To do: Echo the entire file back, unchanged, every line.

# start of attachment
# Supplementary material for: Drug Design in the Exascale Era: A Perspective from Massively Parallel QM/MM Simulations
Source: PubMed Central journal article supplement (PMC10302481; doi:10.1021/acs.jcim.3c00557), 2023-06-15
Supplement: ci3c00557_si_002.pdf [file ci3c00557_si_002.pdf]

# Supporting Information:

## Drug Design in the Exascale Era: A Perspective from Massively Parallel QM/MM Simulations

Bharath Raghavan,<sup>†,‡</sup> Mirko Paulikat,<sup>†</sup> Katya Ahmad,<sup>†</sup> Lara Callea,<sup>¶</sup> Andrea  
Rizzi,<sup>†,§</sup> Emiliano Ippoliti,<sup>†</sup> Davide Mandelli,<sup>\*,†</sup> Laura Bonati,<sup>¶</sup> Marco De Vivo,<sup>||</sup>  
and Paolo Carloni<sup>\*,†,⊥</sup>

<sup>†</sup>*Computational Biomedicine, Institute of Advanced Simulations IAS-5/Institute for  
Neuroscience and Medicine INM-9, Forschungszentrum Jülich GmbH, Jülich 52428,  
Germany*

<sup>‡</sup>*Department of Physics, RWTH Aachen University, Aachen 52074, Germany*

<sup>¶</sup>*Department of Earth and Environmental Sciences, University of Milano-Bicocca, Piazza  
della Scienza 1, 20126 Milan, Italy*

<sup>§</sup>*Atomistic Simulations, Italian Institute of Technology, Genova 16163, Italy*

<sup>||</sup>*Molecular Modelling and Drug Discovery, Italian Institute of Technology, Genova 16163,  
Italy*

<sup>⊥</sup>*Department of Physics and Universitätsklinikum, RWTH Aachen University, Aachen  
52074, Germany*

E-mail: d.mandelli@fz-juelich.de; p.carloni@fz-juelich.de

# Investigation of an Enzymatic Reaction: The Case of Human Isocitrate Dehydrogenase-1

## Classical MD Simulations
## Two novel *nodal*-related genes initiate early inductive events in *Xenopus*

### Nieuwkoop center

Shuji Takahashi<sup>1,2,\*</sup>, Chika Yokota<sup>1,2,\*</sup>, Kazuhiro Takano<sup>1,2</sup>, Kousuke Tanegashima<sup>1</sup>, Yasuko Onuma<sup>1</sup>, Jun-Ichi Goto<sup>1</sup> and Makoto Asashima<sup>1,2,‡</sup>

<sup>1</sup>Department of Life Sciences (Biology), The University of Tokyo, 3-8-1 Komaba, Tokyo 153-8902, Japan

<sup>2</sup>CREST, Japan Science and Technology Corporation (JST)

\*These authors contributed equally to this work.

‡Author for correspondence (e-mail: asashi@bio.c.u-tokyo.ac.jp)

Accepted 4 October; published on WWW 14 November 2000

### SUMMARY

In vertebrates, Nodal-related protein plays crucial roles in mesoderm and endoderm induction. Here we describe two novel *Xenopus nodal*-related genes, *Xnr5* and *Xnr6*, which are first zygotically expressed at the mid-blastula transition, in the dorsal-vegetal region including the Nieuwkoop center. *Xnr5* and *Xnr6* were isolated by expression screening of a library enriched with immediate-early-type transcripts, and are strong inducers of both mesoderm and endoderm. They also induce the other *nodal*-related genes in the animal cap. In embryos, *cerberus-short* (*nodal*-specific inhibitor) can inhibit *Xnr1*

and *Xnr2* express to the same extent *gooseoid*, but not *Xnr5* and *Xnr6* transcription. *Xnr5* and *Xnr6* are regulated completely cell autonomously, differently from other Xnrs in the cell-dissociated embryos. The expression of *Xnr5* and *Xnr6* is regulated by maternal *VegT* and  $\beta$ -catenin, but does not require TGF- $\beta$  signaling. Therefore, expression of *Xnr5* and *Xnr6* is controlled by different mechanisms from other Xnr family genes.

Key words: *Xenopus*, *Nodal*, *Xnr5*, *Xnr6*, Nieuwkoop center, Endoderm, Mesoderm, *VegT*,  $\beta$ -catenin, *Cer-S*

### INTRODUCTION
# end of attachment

# Supplementary material for: Drug Design in the Exascale Era: A Perspective from Massively Parallel QM/MM Simulations
Source: PubMed Central journal article supplement (PMC10302481; doi:10.1021/acs.jcim.3c00557), 2023-06-15
Supplement: ci3c00557_si_002.pdf [file ci3c00557_si_002.pdf]

# Supporting Information:

## Drug Design in the Exascale Era: A Perspective from Massively Parallel QM/MM Simulations

Bharath Raghavan,<sup>†,‡</sup> Mirko Paulikat,<sup>†</sup> Katya Ahmad,<sup>†</sup> Lara Callea,<sup>¶</sup> Andrea  
Rizzi,<sup>†,§</sup> Emiliano Ippoliti,<sup>†</sup> Davide Mandelli,<sup>\*,†</sup> Laura Bonati,<sup>¶</sup> Marco De Vivo,<sup>||</sup>  
and Paolo Carloni<sup>\*,†,⊥</sup>

<sup>†</sup>*Computational Biomedicine, Institute of Advanced Simulations IAS-5/Institute for  
Neuroscience and Medicine INM-9, Forschungszentrum Jülich GmbH, Jülich 52428,  
Germany*

<sup>‡</sup>*Department of Physics, RWTH Aachen University, Aachen 52074, Germany*

<sup>¶</sup>*Department of Earth and Environmental Sciences, University of Milano-Bicocca, Piazza  
della Scienza 1, 20126 Milan, Italy*

<sup>§</sup>*Atomistic Simulations, Italian Institute of Technology, Genova 16163, Italy*

<sup>||</sup>*Molecular Modelling and Drug Discovery, Italian Institute of Technology, Genova 16163,  
Italy*

<sup>⊥</sup>*Department of Physics and Universitätsklinikum, RWTH Aachen University, Aachen  
52074, Germany*

E-mail: d.mandelli@fz-juelich.de; p.carloni@fz-juelich.de

# Investigation of an Enzymatic Reaction: The Case of Human Isocitrate Dehydrogenase-1

## Classical MD Simulations
## Two novel *nodal*-related genes initiate early inductive events in *Xenopus*

### Nieuwkoop center

Shuji Takahashi<sup>1,2,\*</sup>, Chika Yokota<sup>1,2,\*</sup>, Kazuhiro Takano<sup>1,2</sup>, Kousuke Tanegashima<sup>1</sup>, Yasuko Onuma<sup>1</sup>, Jun-Ichi Goto<sup>1</sup> and Makoto Asashima<sup>1,2,‡</sup>

<sup>1</sup>Department of Life Sciences (Biology), The University of Tokyo, 3-8-1 Komaba, Tokyo 153-8902, Japan

<sup>2</sup>CREST, Japan Science and Technology Corporation (JST)

\*These authors contributed equally to this work.

‡Author for correspondence (e-mail: asashi@bio.c.u-tokyo.ac.jp)

Accepted 4 October; published on WWW 14 November 2000

### SUMMARY

In vertebrates, Nodal-related protein plays crucial roles in mesoderm and endoderm induction. Here we describe two novel *Xenopus nodal*-related genes, *Xnr5* and *Xnr6*, which are first zygotically expressed at the mid-blastula transition, in the dorsal-vegetal region including the Nieuwkoop center. *Xnr5* and *Xnr6* were isolated by expression screening of a library enriched with immediate-early-type transcripts, and are strong inducers of both mesoderm and endoderm. They also induce the other *nodal*-related genes in the animal cap. In embryos, *cerberus-short* (*nodal*-specific inhibitor) can inhibit *Xnr1*

and *Xnr2* express to the same extent *gooseoid*, but not *Xnr5* and *Xnr6* transcription. *Xnr5* and *Xnr6* are regulated completely cell autonomously, differently from other Xnrs in the cell-dissociated embryos. The expression of *Xnr5* and *Xnr6* is regulated by maternal *VegT* and  $\beta$ -catenin, but does not require TGF- $\beta$  signaling. Therefore, expression of *Xnr5* and *Xnr6* is controlled by different mechanisms from other Xnr family genes.

Key words: *Xenopus*, *Nodal*, *Xnr5*, *Xnr6*, Nieuwkoop center, Endoderm, Mesoderm, *VegT*,  $\beta$ -catenin, *Cer-S*

### INTRODUCTION